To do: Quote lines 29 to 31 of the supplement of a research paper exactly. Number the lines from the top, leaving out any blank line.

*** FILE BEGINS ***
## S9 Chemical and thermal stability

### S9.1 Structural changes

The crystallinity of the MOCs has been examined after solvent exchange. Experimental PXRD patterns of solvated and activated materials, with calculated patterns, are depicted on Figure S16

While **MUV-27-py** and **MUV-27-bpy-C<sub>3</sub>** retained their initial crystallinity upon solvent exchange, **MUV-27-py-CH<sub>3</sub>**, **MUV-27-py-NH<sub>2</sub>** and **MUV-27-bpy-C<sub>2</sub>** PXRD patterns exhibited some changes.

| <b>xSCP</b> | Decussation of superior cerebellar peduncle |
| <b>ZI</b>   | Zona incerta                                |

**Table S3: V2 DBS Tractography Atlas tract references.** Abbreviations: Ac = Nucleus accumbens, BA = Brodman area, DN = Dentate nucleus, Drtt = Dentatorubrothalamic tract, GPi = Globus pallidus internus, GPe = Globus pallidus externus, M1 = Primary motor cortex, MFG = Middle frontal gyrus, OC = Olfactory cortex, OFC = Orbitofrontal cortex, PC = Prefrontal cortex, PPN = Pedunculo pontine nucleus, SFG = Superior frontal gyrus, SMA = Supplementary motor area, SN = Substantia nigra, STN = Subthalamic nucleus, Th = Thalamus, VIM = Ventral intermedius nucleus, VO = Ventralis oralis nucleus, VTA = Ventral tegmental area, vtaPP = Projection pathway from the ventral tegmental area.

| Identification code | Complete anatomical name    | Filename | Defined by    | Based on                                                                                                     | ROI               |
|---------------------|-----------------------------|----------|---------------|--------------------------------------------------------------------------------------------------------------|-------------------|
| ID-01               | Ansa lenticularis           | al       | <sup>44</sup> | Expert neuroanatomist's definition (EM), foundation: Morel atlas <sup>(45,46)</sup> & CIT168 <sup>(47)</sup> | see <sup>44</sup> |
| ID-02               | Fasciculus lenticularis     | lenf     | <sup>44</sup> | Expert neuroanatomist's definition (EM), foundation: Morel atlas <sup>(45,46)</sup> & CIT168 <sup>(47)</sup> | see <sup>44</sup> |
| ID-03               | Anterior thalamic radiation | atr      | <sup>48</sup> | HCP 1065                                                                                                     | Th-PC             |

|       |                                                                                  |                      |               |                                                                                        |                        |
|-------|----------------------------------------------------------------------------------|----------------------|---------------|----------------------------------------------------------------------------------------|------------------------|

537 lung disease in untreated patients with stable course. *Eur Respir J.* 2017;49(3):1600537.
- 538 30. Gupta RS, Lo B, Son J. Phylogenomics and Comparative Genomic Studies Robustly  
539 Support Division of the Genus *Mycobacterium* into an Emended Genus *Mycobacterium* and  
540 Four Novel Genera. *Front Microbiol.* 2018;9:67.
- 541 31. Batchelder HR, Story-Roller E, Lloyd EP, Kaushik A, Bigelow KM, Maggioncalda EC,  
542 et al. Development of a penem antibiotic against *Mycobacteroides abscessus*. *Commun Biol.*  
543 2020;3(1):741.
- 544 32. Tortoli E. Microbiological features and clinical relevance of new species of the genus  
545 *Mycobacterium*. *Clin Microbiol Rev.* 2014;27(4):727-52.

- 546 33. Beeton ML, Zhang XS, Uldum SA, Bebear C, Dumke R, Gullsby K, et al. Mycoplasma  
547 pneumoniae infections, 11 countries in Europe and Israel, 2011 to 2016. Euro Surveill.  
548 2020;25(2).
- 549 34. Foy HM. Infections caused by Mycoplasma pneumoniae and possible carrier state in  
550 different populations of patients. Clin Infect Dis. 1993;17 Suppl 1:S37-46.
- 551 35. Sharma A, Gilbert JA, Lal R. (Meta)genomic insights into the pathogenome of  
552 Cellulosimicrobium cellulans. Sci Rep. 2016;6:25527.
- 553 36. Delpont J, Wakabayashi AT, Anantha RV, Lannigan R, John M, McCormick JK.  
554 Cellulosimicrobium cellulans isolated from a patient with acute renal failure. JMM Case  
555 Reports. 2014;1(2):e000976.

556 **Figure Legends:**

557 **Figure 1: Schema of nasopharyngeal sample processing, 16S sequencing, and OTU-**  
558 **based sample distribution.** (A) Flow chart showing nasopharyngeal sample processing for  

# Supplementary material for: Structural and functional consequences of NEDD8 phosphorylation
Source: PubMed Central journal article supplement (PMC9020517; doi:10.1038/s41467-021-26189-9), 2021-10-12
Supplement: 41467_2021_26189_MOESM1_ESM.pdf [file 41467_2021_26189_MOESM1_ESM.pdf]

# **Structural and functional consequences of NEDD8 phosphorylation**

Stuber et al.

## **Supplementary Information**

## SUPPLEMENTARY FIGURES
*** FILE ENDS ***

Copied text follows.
- 551 35. Sharma A, Gilbert JA, Lal R. (Meta)genomic insights into the pathogenome of  
552 Cellulosimicrobium cellulans. Sci Rep. 2016;6:25527.
- 553 36. Delpont J, Wakabayashi AT, Anantha RV, Lannigan R, John M, McCormick JK.  